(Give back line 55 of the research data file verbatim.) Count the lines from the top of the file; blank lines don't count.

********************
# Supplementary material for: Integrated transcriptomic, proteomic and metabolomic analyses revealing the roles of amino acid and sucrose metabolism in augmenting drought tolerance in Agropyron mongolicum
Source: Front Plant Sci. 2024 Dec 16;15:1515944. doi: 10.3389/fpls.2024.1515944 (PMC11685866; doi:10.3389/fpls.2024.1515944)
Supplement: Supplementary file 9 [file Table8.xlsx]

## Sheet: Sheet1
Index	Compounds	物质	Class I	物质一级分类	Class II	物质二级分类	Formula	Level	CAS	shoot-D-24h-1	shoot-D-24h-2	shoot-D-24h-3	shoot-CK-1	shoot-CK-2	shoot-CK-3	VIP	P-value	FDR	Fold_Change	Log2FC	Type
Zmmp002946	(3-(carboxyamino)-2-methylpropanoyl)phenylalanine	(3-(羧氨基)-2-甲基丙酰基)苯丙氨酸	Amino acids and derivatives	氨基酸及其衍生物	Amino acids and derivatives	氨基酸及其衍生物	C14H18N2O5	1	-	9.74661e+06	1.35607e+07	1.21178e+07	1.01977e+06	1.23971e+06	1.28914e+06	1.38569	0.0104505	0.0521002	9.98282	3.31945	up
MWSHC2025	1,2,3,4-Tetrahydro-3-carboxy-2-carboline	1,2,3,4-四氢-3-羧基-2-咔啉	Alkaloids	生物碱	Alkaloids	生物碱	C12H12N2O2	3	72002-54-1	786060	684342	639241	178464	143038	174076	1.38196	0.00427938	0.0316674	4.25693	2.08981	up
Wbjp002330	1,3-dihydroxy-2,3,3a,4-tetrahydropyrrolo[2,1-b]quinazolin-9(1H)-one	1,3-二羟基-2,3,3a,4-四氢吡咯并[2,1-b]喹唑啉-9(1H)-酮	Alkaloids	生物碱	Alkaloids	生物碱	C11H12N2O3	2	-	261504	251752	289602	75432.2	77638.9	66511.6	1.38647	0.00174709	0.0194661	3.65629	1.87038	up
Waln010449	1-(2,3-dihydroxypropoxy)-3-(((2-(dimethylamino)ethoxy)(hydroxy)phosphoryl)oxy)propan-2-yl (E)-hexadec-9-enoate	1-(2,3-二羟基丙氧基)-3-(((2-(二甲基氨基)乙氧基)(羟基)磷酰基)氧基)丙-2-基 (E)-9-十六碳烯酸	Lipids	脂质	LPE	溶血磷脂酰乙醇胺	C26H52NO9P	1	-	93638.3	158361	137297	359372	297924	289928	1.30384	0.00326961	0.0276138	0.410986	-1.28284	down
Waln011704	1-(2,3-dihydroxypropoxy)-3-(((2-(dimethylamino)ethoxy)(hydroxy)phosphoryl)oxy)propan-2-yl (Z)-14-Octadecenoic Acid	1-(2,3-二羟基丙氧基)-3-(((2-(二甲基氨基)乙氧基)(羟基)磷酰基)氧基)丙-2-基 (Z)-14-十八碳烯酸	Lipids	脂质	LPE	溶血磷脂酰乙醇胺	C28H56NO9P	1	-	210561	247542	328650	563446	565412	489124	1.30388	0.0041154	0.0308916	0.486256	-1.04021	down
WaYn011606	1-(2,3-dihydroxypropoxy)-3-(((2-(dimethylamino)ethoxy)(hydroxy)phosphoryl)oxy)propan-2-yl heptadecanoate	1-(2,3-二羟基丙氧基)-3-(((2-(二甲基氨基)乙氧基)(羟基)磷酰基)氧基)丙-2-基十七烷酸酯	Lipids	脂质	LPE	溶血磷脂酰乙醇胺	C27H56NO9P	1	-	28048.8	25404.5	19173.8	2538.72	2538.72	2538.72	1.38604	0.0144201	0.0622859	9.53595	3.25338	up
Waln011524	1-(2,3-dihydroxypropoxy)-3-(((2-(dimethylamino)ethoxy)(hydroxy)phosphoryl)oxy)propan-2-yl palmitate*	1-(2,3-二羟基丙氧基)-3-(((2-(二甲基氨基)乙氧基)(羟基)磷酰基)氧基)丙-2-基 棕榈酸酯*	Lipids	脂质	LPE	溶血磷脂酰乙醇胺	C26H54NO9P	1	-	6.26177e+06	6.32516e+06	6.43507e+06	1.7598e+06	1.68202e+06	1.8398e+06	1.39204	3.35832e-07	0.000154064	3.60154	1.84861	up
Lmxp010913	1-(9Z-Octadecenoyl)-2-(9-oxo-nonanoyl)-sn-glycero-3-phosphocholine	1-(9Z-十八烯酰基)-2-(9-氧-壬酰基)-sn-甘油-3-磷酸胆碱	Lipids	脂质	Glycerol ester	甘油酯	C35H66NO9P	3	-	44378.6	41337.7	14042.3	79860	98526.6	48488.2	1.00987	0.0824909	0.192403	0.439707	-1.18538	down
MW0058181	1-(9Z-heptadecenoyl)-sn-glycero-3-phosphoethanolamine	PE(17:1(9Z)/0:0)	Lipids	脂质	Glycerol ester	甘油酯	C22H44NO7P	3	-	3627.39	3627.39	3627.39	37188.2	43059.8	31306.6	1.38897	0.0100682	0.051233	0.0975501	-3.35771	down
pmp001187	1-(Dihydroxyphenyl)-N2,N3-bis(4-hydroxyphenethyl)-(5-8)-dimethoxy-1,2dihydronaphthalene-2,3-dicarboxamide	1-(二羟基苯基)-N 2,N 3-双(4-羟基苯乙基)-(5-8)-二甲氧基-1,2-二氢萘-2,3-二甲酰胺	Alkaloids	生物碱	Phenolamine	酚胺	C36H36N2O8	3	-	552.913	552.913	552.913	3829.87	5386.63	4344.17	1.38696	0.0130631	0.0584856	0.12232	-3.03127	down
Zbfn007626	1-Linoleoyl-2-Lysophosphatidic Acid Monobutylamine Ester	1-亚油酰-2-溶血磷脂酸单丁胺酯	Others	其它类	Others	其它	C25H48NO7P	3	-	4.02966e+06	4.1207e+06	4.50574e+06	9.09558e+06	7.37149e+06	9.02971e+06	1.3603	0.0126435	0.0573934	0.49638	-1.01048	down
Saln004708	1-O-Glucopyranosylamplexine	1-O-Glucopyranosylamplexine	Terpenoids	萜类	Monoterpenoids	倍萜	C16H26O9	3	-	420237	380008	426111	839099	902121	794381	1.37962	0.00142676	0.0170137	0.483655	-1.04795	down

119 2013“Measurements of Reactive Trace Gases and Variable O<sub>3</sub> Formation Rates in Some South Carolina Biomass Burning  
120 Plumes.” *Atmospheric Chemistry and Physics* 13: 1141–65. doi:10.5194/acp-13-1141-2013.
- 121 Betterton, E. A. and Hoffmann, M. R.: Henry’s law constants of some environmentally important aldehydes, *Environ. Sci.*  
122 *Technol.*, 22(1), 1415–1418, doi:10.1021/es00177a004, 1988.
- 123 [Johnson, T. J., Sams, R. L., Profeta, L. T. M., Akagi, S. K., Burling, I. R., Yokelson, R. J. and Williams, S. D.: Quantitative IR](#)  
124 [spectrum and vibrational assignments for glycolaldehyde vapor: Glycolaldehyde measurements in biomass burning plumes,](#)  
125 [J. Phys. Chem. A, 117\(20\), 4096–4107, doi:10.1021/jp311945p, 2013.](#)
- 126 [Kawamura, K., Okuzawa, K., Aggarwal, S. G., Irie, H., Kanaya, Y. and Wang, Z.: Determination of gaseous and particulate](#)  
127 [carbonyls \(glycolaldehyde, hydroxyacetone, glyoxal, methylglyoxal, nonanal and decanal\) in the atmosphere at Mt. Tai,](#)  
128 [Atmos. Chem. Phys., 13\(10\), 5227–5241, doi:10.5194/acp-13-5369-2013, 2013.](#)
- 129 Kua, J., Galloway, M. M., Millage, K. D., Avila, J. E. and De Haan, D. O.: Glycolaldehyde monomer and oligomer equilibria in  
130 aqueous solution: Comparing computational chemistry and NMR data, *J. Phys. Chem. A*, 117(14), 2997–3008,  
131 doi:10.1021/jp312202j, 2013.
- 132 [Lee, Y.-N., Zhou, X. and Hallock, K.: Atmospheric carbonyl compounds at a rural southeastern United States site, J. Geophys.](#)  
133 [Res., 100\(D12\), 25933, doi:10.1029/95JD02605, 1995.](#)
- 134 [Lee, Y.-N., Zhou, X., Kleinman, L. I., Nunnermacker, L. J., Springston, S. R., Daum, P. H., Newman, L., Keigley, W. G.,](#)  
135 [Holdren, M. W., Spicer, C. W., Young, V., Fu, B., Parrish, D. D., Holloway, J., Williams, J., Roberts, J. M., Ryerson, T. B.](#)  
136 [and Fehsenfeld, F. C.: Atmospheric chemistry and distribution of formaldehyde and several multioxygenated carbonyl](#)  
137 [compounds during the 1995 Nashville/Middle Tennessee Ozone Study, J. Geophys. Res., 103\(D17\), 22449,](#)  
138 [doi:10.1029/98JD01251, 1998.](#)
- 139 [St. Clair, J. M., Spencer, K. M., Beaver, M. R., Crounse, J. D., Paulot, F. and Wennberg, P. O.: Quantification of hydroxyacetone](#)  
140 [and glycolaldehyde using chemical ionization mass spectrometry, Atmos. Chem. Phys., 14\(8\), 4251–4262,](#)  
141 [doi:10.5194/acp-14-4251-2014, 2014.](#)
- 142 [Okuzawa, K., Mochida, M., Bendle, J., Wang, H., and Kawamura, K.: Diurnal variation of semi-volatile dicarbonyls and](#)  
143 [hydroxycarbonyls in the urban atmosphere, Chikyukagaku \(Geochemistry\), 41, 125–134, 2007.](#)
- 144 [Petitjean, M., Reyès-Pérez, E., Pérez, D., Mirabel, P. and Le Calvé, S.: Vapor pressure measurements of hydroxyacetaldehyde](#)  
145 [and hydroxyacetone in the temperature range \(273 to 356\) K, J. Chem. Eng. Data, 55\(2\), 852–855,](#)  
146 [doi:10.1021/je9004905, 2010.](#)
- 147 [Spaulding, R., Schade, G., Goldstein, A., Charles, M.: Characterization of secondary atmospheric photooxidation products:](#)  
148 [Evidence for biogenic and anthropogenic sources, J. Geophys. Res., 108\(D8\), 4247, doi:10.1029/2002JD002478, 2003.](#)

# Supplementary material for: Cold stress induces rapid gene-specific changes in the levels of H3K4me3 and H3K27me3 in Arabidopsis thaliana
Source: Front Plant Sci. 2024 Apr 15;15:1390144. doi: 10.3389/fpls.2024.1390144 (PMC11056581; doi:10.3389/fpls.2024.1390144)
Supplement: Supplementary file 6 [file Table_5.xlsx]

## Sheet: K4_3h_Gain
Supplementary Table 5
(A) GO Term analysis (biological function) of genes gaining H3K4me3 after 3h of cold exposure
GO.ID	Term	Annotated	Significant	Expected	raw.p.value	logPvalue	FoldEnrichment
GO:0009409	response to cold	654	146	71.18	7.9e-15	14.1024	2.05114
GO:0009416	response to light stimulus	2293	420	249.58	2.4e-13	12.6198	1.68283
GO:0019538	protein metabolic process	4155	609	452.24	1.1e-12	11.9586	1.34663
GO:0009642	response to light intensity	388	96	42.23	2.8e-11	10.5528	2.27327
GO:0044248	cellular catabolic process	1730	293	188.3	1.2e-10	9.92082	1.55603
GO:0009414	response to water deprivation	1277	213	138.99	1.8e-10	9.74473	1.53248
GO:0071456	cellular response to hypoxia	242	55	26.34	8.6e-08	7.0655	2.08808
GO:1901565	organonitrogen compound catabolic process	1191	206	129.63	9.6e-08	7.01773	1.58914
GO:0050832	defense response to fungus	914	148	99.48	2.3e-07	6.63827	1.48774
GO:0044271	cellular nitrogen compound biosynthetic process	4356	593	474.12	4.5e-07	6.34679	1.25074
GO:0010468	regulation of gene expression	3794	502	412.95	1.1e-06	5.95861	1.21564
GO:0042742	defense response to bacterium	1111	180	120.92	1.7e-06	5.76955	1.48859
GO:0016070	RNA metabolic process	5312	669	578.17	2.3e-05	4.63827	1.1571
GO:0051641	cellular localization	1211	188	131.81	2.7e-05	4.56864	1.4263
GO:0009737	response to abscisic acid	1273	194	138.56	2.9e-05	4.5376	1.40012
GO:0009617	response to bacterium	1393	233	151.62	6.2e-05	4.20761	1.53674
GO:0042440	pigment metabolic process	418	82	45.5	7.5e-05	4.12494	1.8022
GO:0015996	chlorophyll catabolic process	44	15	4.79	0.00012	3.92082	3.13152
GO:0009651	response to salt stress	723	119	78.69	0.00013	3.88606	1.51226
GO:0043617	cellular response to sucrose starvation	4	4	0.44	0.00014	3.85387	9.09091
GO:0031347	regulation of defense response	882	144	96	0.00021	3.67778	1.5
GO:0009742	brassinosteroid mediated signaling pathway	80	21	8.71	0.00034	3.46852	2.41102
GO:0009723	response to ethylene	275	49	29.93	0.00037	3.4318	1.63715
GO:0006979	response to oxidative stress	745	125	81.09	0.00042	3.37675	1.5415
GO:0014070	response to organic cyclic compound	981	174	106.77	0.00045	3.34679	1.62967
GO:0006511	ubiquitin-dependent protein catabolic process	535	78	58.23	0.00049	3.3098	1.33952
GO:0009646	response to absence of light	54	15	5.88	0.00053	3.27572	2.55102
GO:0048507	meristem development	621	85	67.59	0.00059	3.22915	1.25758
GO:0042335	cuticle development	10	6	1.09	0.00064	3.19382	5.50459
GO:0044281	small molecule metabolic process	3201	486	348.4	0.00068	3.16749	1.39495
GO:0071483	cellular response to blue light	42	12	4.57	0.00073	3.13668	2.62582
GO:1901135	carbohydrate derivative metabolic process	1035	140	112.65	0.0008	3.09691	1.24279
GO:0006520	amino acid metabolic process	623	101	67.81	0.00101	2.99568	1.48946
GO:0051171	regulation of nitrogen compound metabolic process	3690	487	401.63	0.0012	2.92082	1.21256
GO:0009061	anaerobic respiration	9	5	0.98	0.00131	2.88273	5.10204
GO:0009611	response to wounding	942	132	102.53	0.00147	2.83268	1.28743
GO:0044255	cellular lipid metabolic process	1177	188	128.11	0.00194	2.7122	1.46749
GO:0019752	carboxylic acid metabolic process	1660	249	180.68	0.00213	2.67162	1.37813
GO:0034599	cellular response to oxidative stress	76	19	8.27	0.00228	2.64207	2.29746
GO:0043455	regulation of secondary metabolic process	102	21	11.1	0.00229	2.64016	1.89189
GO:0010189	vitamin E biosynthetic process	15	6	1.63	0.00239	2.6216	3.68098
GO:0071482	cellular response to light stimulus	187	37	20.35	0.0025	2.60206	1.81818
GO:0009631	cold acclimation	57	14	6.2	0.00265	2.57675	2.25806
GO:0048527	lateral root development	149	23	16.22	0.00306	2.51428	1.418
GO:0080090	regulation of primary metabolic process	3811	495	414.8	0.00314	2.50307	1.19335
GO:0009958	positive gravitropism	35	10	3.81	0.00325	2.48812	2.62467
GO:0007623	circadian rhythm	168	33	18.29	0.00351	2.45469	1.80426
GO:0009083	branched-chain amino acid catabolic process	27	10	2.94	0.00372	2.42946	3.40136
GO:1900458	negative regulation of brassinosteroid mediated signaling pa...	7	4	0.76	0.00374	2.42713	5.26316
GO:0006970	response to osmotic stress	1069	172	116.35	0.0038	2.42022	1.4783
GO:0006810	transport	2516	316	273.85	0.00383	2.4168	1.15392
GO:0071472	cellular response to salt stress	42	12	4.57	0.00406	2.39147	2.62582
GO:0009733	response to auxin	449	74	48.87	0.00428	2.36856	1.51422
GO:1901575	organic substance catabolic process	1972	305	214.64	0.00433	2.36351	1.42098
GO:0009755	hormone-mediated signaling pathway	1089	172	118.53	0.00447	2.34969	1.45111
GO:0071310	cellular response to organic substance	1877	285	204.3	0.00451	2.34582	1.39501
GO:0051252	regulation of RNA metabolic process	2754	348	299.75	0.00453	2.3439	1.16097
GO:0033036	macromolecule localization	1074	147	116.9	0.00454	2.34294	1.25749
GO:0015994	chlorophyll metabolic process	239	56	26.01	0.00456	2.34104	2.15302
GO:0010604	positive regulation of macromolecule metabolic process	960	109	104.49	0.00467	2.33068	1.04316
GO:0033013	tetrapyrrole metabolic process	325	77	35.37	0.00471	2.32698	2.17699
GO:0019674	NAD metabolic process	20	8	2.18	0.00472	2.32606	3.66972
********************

GO:0009409	response to cold	654	146	71.18	7.9e-15	14.1024	2.05114